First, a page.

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The Georgetown Community Crime Alert program looks to fight crimes such as shoplifting by alerting local businesses of nearby incidents.

Georgetown-area businesses have teamed up with the Metropolitan Police Department to fight crime in the surrounding neighborhood.

The Georgetown Community Crime Alert program, launched on Oct. 15, utilizes the Alert D.C. system’s, which sends text messages directly from the MPD dispatcher to business owners when a crime takes place in the nearby area. Currently, the system is only used to report violent crimes, but the program plans to expand to include other crimes such as shoplifting.

There are currently 297, or 98 percent, of businesses in Georgetown enrolled in the program, said Ed Solomon, one of the creators of the Alert D.C. program and the chair of the Advisory Neighborhood Commission for the area including Georgetown.

The program was created to ensure that business learn about crimes in their area in “real time,” Solomon said.

“Once you’re registered, you can receive text messages on your cell phone,” he said. “When [police] see actionable information . they’ll send out the information within 10 minutes of getting that call.”

Before the new alert program, local businesses did not get information about major local crimes until two or three days after the event, he added.

“Rather than having eight or nine officers out looking for the suspect, you can have thousands of eyeballs looking out,” Solomon said.

He added that so far, no criminals have been caught as a direct result of the program.

“I think it’s still in the early stages here,” said John Wiebenson, deputy executive director of operations for the Georgetown Business Improvement District, which has been helping businesses enroll in the program since the official program’s inception. “I think there are some challenges. I think we’re looking to fine-tune the response time between when an incident happens and when it goes out.”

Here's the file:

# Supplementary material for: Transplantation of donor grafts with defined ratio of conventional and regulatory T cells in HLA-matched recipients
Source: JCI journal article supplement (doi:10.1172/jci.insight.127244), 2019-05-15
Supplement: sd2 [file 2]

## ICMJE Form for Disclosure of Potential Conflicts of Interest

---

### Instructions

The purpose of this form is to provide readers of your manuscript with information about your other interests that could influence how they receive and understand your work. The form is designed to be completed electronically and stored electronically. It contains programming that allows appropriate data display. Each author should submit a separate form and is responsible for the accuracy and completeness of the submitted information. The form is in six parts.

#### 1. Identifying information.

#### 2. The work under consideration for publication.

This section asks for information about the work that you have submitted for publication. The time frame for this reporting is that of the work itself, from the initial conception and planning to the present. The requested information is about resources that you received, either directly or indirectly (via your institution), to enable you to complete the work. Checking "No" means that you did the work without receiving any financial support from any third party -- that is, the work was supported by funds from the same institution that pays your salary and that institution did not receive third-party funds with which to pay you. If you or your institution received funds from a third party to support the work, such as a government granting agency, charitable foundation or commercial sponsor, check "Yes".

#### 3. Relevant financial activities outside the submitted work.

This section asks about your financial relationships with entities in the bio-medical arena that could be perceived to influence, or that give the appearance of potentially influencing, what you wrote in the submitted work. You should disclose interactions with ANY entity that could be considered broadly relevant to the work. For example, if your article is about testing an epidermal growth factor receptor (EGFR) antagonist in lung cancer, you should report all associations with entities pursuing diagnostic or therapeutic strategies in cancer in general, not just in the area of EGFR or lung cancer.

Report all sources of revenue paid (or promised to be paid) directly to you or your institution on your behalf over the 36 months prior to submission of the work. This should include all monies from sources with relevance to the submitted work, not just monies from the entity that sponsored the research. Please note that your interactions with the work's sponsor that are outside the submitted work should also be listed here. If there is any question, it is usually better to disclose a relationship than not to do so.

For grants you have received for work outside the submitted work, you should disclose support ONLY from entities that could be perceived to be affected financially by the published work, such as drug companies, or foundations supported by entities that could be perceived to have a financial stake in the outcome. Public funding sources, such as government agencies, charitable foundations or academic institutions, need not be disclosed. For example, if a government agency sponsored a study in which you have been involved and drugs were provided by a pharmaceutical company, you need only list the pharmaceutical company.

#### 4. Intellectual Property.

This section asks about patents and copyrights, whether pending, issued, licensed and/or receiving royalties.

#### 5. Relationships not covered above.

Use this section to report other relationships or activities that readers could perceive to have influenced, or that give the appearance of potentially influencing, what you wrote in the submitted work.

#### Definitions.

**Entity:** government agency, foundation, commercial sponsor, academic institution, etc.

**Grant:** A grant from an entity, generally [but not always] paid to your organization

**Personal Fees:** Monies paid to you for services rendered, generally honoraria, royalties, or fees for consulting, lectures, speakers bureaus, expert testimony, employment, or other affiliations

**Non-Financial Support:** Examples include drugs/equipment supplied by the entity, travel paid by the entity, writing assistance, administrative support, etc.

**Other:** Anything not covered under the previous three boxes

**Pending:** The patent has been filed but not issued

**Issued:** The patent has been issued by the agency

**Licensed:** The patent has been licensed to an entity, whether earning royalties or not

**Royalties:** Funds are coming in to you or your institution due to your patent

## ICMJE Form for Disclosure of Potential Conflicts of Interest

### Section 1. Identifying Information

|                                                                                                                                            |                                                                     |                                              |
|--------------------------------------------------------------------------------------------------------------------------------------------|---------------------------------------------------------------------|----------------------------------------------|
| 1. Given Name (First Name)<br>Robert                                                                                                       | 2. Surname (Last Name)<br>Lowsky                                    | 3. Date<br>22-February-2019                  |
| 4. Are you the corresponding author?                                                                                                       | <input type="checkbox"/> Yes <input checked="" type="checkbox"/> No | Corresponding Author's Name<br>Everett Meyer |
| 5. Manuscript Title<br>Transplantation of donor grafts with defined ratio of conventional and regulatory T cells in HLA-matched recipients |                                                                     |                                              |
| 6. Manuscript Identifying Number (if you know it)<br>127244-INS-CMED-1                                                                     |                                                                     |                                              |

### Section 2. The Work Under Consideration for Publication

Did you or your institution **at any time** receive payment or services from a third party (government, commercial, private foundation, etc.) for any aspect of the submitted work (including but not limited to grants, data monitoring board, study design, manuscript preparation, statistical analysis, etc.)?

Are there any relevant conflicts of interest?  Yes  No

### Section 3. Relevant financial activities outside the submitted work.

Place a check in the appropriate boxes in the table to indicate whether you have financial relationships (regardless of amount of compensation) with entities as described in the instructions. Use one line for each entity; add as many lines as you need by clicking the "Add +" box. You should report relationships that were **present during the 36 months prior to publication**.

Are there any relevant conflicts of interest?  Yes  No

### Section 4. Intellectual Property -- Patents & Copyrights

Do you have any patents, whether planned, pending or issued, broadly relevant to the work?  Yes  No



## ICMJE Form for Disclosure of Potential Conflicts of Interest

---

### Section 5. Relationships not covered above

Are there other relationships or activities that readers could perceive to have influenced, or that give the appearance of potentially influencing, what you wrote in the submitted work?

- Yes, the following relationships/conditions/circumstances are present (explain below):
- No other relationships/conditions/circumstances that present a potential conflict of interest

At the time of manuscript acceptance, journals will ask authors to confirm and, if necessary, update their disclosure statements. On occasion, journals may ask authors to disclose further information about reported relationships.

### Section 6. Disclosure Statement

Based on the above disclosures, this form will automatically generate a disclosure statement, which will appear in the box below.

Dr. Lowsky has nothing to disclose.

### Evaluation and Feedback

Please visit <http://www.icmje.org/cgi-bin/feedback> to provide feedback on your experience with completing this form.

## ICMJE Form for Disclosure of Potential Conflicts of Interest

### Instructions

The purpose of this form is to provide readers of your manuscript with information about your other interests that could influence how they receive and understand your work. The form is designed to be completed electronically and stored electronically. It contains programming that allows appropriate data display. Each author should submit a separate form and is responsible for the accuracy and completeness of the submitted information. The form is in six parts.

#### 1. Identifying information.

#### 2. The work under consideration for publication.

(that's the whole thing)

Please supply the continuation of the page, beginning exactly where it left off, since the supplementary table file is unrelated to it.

Wiebenson added that he was concerned that people could start ignoring the text messages and e-mails if the program is not more confined to their immediate area and concerns. For example, he said, many business owners complain about getting alert e-mails about traffic incidents in Northeast D.C.

Nevertheless, Wibenson said, the system has been well received.

“I think [business owners] are happy to see that something is being done,” he said.

The program is a collaborative effort of the D.C. Homeland Security and Emergency Management Agency, the Metropolitan Police Department and the Office of Unified Communications to combat crime in the District.

Nick Wasylczuk, owner of Just Paper & Tea on P Street, has been involved with the program since the first pilot program began over three years ago.

Wasylczuk said he has received “plenty” of text messages about nearby crimes since he became involved in the program and described them as being “very helpful,” though he said he has yet to have aided in a crime bust.

He said he is appreciative of the neighborhood bringing local businesses together to solve the crime problem in the Georgetown area.

“We still outnumber the thieves,” he said.

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